My girlfriend just listened while I cried about how much Ron and I had talked about. And how little.

He shared the early days with Nader. How he made no money but helped frame the structure of privacy in the US. (He didn't put it that way, I did). He shared how being in the right place at the right time allowed him to be part of nation-shaping legislation, such as the wiretap and government privacy laws. He shared fun stories about other privacy giants and how no one knew anything in the early days, and is now seen as knowing everything now. He shared his legal reasoning and his thoughts about TIVO, new-age privacy issues, the PATRIOT Act and the election. We talked about clients and work, and he reminded me about how we had finally become friends, instead of just panel and roundtable-mates at the conferences around the world. (I'll share that in another post, if I have had enough to drink :-))

When I was finished ranting, I heard her sniffle a bit. I knew that she remembered his kindness to her two kids at the Summit and knew she wanted to somehow comfort me.

"There is nothing more personal with you, Parry, than weight and work." she said. Then she waited for me to understand what she had just said. "It's the high and the low of your life and perhaps, Ron's life too." And she was right.

My life's work is helping others online with problems they encounter with cybercrimes and abuses. Kids, adults, seniors, identity theft, predators, misinformation, cyberbullying and harassment...my life's mission is my work now that I have left my law practice and only do a few consulting gigs to pay my mortgage. Ron's life was privacy. Clients, public policy, legal work and running a practice group, and changing the world more than a little bit.

And both of us failed on the weight front. I lost some, but not enough. He lost less, and maybe it shortened his incredible life. He succeeded in his professional life and given the enormity of the grieving I have seen and the countless comments received by people who loved and admired him, succeeded in everything else.

Both of us shared our biggest vulnerabilities with each other and our greatest successes and dreams for change and policy.

I knew him better than I thought. I miss him even more now.



from Fran Maier

Like Austin, I was new to the privacy world when I joined TRUSTe in 2001. Early on we hosted a dinner at one of the privacy conferences and Ron joined us. He was a real helpful, providing some early guidance on the who’s who, how to build our standing, and several new ideas. He got to know several of my colleagues at TRUSTe and we all loved him. But what I remember most is his graciousness, his sense of humor, his humanity. We all sit at different ends of the table and he was always a pleasure to dine with.

And yes, let’s live our one life fully with a good belly laugh, good friends, and good work.

Fran Maier


from Emil Hackett

Ron would be pleased to know he pissed me off.

His reputation had preceded him long before I met or worked with him. For a number of years I was very happy to be off his radar screen.

When he started talking to me at receptions, in airports, at conferences, in meetings, it was a professional milestone for me. Wouldn't he get a kick out of my thinking that.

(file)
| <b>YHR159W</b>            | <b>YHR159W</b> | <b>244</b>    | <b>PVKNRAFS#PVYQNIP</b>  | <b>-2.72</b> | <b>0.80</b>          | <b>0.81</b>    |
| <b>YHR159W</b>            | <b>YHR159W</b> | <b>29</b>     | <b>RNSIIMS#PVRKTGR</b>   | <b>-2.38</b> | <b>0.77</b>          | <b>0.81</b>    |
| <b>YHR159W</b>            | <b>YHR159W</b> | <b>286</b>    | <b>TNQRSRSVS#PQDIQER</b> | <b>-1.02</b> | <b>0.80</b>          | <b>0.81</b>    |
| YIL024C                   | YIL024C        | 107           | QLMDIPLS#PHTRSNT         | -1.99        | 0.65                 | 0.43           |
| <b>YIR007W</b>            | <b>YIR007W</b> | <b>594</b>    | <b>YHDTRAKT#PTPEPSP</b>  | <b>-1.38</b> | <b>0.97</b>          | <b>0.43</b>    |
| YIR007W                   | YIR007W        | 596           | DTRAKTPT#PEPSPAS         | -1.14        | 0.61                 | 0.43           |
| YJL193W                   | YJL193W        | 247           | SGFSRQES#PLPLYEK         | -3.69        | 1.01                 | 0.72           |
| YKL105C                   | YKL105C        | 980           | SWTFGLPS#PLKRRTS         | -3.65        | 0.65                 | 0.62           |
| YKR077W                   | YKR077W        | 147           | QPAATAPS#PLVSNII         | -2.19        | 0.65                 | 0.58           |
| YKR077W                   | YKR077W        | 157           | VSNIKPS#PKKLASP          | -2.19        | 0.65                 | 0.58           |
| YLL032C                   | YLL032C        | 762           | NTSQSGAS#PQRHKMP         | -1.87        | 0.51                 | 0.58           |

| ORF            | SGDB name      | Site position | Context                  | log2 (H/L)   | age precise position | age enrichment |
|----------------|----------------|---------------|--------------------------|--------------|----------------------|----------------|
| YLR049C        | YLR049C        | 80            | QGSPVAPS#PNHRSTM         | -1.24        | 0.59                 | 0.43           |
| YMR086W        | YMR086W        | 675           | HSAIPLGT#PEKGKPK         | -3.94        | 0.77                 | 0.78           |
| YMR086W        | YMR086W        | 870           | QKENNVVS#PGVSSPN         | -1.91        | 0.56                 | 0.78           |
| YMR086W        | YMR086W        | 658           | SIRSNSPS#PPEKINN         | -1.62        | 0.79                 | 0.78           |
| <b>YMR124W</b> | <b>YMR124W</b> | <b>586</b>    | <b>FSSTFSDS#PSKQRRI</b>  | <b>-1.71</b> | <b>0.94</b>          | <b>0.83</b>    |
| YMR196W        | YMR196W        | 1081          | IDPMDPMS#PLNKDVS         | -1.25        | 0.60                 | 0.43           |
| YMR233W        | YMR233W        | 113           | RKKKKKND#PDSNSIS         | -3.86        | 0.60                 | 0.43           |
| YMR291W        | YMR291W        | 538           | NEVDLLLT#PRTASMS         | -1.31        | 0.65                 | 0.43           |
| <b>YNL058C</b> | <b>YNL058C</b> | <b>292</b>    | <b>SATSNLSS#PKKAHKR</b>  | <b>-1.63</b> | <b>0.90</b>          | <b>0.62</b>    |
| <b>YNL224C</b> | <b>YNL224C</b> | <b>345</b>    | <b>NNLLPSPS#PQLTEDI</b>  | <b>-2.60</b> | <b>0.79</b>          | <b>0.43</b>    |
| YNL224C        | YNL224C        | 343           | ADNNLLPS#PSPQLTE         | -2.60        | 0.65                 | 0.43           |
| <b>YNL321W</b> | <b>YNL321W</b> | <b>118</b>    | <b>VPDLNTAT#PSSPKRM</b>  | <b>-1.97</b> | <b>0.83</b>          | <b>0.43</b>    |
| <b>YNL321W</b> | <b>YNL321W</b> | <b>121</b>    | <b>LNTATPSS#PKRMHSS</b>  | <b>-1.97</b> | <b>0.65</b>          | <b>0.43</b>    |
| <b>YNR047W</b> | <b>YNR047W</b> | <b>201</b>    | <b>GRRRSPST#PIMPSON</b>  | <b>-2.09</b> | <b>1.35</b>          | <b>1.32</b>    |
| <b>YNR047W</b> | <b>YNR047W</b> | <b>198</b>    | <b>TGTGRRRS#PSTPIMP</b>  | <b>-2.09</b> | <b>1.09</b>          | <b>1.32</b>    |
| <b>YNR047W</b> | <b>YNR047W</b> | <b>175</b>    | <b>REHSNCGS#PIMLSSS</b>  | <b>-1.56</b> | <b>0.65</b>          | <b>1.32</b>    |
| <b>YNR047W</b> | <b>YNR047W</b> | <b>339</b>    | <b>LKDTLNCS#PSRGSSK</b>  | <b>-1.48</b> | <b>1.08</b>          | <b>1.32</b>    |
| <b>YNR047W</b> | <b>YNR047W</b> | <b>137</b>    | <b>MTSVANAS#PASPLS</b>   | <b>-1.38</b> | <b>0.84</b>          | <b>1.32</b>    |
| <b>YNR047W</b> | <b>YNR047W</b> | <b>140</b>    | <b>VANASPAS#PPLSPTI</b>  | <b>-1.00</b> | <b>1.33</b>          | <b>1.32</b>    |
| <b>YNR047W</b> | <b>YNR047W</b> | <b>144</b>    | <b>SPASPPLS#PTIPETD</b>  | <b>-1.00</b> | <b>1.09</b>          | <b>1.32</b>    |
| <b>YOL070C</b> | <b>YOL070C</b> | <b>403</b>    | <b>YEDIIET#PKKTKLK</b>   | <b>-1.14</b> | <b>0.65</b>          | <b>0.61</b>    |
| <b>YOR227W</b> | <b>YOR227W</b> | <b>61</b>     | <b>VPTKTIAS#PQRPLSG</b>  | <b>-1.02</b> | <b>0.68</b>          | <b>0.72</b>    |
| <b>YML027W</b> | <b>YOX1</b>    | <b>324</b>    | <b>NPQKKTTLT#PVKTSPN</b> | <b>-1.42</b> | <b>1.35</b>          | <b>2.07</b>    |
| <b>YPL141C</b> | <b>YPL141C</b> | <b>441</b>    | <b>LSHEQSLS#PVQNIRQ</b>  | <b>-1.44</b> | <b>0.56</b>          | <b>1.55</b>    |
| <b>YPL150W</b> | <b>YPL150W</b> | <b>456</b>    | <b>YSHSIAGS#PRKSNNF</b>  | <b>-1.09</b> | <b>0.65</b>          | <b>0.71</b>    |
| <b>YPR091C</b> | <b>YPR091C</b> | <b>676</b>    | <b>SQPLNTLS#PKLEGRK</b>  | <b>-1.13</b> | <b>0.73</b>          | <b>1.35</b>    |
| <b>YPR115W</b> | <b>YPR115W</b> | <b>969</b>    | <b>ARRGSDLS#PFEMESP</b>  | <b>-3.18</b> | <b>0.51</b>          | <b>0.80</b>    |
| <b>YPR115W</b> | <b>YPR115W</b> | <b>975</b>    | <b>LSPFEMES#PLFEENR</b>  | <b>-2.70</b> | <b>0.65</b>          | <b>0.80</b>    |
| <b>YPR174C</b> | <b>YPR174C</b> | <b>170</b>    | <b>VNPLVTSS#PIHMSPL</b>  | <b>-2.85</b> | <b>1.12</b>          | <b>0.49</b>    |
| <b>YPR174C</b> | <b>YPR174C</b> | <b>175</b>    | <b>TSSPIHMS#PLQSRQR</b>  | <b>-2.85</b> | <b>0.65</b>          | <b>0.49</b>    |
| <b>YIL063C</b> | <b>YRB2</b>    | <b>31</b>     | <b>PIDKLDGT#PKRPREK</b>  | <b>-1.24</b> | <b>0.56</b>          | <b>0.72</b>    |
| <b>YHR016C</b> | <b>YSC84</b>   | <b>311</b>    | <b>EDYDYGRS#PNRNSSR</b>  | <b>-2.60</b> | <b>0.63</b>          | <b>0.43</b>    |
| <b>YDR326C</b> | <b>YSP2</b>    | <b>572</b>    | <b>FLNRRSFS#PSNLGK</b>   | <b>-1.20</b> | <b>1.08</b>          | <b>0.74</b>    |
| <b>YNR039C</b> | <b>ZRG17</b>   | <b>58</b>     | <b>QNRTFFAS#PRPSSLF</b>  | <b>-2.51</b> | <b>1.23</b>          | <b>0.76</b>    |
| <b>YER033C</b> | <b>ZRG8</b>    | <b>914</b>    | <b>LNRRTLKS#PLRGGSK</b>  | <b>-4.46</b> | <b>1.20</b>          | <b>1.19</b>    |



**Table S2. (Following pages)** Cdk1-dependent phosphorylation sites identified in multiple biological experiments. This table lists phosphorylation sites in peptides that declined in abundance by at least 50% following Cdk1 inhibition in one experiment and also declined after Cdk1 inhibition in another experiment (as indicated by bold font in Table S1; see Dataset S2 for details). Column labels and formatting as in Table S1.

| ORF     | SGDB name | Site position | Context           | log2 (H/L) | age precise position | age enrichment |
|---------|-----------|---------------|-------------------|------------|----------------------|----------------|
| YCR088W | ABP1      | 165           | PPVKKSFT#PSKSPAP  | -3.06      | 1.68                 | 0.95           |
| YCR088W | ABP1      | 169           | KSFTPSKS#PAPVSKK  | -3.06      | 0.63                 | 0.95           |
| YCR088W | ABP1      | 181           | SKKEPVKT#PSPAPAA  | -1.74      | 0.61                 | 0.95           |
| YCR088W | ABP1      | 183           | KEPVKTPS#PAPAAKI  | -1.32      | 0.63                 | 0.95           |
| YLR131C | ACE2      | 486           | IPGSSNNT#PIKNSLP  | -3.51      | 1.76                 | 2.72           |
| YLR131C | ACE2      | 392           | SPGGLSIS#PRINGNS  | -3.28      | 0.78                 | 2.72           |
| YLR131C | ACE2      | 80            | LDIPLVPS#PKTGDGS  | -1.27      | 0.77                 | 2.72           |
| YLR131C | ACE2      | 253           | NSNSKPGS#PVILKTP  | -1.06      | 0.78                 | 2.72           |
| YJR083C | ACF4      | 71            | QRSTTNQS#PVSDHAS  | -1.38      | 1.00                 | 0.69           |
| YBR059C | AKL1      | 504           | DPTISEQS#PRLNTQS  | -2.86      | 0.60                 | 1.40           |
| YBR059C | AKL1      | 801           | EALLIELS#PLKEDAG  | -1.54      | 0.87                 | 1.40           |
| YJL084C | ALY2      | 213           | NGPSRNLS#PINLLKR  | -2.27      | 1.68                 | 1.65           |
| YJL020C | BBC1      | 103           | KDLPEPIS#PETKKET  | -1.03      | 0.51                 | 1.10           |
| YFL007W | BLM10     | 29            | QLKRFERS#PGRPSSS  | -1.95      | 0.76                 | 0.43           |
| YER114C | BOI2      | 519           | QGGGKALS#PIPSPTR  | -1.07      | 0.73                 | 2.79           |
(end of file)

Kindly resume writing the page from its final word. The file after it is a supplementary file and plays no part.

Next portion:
It also scared me. I never ever wanted to cross Ron Plesser deliberatly or by mistake.

I was more than OK with Milo, Stew, and Jim. The man himself put me on my toes and on edge.

The last time I met with Ron was the day before he died. We were meeting to iron out a matter. Here I was pissing him off, my worst nightmare. I think it all worked out. There were no hugs that day due to the cold I now know. He did take my hand in his two, gave a warm squeeze, and a puppy dog look. That look that is a cross between "I didn't mean to do it" and "please forgive me." It startled me.

That he wanted Leonard Cohen's "Bird on the Wire" played at his funeral made pefect sense to me.

Ron was not your average guy. He was not a simple joe. Maybe I wasn't scared or pissed. Maybe I was in awe.

It will just not be as much fun or challenging without him.

Emily Hackett


from Deirdre K. Mulligan

Ron was a respected colleague, a friend, a mentor, a wonderful advocate, a challenging opponent, and always a mensch. I had spoken with him the Friday before he died. We talked about his son recently off to Hamilton College, my hope for a future conference and his potential participation, our busy lives, wonderful families and how blessed we both were. A typical conversation with Ron, running the gamut from professional to personal. I am so sorry for his family and colleagues at Piper. What a terrible loss. I will miss him dearly.

Deirdre K. Mulligan


from Tatiana Platt (nee Gau)

Like many of us who have been involved in privacy policy issues, I too was fortunate to have my life touched by Ron Plesser. The last time that I saw him was not at a privacy conference, not at a senate hearing, not at a working group meeting of some sort. Rather, it was on a plane -- the Delta shuttle returning from NYC to DC on the eve of my wedding. I had just had my final fitting of my wedding dress that day and Ron and I spoke about it. I was a nervous, stressed out bride and Ron had nothing but the right advice to give. He said I would take my husband's breath away no matter what. It's now been one month since my wedding and looking back I hope that Ron knows that he had just the right words, he was a brilliant man who was there for many of us. I will long remember Ron.

Tatiana Platt (nee Gau)


from Jerry Berman and CDT

Ron Plesser will be sorely missed as a friend and as a colleague.
He will be remembered as someone who worked over the last 25 years
to promote privacy and civil liberties values in the age of computer
data bases and the revolutionary development of new communications
technologies and the Internet.

Going back to his work with the Privacy Protection Study Commission